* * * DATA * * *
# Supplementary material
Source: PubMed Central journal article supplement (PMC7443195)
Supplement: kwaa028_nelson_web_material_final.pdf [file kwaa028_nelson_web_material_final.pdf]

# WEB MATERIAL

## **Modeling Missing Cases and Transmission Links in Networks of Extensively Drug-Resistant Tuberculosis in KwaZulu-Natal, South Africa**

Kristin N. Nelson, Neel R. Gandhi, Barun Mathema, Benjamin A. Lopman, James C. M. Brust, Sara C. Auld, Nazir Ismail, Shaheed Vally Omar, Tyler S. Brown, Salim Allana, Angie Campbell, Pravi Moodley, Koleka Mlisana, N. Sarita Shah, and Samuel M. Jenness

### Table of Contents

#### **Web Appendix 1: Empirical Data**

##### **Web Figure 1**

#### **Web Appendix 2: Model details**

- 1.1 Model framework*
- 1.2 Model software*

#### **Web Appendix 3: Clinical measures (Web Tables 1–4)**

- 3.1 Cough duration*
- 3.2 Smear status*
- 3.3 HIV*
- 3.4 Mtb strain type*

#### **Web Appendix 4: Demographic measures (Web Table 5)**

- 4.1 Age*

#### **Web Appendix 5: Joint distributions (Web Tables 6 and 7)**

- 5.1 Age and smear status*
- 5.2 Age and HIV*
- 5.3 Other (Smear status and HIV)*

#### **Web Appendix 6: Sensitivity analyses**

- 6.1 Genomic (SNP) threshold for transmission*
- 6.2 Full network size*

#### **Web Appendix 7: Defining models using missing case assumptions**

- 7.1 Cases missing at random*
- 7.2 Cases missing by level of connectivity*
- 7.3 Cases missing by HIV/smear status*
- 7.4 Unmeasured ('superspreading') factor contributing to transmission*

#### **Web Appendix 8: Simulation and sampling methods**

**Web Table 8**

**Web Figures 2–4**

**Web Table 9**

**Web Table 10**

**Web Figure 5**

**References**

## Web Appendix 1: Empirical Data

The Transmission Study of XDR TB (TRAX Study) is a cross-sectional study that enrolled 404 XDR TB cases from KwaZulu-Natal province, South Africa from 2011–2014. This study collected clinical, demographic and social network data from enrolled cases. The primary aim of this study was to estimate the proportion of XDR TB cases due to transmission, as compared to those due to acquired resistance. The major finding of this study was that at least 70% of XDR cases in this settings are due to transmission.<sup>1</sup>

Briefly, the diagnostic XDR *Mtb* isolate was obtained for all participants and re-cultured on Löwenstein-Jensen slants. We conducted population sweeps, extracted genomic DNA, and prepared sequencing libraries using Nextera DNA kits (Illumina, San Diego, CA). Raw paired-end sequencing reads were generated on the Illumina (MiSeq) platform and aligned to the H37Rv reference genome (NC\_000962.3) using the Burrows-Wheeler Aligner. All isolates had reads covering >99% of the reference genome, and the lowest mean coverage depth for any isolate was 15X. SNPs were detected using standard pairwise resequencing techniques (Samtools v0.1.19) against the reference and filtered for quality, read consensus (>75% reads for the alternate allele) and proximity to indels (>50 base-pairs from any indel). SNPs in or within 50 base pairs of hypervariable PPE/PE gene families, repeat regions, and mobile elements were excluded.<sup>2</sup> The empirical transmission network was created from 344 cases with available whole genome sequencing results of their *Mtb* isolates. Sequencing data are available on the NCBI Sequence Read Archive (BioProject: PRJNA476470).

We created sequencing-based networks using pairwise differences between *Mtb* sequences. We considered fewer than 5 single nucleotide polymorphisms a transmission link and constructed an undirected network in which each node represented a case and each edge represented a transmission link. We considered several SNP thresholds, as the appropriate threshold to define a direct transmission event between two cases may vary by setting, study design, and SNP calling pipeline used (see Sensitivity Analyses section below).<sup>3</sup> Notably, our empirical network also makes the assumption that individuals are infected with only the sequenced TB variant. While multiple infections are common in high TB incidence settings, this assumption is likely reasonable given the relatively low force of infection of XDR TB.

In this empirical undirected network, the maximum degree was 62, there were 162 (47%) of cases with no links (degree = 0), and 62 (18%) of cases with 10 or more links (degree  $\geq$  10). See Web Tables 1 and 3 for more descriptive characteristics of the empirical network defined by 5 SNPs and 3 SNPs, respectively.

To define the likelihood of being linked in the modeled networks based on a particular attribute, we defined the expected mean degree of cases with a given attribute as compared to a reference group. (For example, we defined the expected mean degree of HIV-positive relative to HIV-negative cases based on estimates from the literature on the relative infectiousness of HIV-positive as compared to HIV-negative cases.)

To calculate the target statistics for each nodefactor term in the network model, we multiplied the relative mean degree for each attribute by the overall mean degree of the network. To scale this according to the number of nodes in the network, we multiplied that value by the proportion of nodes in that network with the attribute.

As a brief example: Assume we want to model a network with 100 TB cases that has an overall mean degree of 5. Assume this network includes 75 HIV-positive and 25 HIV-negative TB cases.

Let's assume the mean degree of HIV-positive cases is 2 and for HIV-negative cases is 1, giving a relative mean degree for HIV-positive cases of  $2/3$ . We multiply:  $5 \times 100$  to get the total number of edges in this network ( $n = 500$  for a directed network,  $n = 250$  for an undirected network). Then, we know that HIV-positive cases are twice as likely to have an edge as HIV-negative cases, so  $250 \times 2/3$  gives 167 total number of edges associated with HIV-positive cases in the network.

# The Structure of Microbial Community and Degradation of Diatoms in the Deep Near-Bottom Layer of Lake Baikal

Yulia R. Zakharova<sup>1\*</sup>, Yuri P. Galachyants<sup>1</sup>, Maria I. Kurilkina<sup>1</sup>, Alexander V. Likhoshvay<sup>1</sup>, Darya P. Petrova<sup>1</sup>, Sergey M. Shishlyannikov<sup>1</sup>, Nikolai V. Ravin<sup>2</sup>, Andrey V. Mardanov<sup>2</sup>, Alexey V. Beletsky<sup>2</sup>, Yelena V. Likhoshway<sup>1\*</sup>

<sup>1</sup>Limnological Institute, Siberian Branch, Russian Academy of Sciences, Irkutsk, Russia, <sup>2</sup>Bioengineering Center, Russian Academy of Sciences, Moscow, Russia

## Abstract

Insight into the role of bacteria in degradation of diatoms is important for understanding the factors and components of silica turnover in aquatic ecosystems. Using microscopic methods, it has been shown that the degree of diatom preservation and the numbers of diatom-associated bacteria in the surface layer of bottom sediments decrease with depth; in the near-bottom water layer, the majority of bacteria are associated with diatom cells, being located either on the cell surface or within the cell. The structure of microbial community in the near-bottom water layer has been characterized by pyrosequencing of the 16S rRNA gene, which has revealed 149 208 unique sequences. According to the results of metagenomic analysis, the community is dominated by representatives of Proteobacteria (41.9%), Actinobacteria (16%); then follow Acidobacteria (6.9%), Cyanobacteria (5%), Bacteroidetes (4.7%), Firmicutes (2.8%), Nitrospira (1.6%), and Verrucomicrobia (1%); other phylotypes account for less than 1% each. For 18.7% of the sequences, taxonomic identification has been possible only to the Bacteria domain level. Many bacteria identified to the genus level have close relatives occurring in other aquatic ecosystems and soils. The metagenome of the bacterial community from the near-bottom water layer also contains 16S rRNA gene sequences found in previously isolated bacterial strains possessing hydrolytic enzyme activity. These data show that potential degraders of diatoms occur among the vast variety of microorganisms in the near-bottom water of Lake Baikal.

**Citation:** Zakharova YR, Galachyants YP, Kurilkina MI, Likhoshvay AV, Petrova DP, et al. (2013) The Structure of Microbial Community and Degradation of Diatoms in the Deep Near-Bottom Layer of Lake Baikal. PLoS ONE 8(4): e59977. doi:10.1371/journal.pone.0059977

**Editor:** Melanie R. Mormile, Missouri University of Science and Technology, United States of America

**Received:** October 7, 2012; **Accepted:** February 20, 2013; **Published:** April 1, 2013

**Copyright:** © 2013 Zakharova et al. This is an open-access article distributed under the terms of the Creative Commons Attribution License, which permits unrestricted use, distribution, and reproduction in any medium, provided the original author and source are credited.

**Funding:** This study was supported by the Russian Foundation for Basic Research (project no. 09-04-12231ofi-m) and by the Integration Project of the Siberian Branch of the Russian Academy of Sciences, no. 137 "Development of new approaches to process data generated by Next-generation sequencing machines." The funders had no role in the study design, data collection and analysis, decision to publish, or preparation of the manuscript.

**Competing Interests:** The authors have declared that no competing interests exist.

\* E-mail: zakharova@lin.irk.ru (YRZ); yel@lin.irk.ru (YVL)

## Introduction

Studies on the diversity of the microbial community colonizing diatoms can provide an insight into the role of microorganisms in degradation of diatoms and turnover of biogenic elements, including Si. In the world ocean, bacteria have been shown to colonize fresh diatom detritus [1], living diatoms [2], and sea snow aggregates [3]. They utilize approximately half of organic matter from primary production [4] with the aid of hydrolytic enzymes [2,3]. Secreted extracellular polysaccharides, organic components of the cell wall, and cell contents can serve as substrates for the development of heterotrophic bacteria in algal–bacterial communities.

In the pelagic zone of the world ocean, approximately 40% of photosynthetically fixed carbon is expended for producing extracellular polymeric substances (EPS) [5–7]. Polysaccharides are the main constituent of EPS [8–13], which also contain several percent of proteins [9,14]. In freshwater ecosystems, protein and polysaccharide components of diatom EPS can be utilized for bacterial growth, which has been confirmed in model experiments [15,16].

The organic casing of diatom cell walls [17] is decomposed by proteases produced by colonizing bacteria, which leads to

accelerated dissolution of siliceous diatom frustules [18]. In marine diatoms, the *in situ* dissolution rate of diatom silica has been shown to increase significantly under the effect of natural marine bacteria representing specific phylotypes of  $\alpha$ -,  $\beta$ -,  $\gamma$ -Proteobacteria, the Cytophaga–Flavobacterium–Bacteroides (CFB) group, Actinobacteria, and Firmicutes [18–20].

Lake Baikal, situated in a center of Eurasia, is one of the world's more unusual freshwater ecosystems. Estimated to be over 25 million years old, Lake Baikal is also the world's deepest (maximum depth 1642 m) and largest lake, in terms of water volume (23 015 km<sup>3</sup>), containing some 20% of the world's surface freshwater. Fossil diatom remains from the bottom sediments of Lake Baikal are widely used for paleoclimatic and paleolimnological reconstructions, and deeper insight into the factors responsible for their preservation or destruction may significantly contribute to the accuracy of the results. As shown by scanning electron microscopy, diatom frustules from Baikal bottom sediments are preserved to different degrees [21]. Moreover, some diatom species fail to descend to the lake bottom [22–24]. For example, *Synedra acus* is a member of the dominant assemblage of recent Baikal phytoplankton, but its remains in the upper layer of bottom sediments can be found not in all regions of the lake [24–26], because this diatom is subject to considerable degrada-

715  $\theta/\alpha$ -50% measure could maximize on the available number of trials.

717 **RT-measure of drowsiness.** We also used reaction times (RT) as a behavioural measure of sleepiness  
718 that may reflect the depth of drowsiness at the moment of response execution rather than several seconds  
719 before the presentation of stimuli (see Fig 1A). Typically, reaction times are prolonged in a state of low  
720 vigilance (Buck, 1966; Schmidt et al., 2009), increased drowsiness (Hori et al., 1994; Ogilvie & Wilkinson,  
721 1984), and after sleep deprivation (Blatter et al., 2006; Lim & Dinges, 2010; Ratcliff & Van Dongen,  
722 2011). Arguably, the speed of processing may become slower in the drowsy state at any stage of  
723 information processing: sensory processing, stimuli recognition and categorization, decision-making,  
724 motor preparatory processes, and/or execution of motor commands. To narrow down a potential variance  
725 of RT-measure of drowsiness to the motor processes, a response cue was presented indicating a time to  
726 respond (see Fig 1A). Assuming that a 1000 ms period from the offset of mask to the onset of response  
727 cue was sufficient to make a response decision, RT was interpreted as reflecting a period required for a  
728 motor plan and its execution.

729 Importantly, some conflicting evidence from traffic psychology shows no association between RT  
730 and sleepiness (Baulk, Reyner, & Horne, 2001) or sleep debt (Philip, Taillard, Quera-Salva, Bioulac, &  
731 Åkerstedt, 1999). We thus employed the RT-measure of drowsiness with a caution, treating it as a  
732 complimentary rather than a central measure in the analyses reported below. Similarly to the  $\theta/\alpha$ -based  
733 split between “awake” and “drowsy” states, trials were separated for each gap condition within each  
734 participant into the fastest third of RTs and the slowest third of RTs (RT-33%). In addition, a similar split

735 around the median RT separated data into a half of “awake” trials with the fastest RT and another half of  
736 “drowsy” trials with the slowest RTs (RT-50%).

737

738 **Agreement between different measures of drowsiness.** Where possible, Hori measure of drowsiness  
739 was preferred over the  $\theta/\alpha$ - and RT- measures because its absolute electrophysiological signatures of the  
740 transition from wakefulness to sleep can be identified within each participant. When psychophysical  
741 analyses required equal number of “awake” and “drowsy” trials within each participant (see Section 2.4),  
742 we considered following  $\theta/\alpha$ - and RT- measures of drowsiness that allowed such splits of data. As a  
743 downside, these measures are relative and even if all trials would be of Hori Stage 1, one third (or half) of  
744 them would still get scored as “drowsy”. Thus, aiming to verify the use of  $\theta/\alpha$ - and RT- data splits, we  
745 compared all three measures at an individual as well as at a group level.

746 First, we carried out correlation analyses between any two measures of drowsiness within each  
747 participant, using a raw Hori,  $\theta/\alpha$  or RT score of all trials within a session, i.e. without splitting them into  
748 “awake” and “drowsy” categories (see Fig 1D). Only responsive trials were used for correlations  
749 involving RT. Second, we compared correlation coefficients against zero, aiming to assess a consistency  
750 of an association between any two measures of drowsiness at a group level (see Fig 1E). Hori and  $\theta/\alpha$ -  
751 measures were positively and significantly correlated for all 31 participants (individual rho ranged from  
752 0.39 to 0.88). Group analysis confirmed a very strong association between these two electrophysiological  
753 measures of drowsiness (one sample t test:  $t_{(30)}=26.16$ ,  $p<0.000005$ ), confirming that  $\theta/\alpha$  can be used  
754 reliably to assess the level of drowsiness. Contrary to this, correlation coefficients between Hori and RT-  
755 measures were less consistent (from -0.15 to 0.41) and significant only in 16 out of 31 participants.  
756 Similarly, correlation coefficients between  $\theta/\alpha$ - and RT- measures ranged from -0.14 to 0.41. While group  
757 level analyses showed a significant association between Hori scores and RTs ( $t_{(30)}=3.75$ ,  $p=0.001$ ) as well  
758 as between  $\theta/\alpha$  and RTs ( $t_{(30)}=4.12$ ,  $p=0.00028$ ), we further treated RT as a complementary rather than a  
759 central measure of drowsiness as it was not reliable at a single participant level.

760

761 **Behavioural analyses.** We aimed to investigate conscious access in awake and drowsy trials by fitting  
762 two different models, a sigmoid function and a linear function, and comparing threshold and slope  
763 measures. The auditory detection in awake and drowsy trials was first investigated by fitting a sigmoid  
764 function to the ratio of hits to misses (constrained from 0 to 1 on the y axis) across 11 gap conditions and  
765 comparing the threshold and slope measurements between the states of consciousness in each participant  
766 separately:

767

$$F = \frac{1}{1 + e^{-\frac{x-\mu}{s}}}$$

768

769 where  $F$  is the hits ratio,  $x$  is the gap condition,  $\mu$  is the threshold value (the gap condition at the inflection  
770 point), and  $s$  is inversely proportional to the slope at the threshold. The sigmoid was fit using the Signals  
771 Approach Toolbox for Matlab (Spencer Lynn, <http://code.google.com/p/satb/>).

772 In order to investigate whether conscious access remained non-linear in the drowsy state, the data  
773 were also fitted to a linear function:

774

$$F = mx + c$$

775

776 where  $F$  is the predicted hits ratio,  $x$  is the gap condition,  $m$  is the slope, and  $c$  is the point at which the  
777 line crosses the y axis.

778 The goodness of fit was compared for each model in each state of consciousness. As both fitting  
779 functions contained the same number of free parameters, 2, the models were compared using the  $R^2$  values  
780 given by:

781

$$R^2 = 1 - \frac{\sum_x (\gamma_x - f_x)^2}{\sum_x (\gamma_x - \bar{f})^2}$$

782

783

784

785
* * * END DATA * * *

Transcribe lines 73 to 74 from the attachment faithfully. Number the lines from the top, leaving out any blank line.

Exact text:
723 information processing: sensory processing, stimuli recognition and categorization, decision-making,  
724 motor preparatory processes, and/or execution of motor commands. To narrow down a potential variance  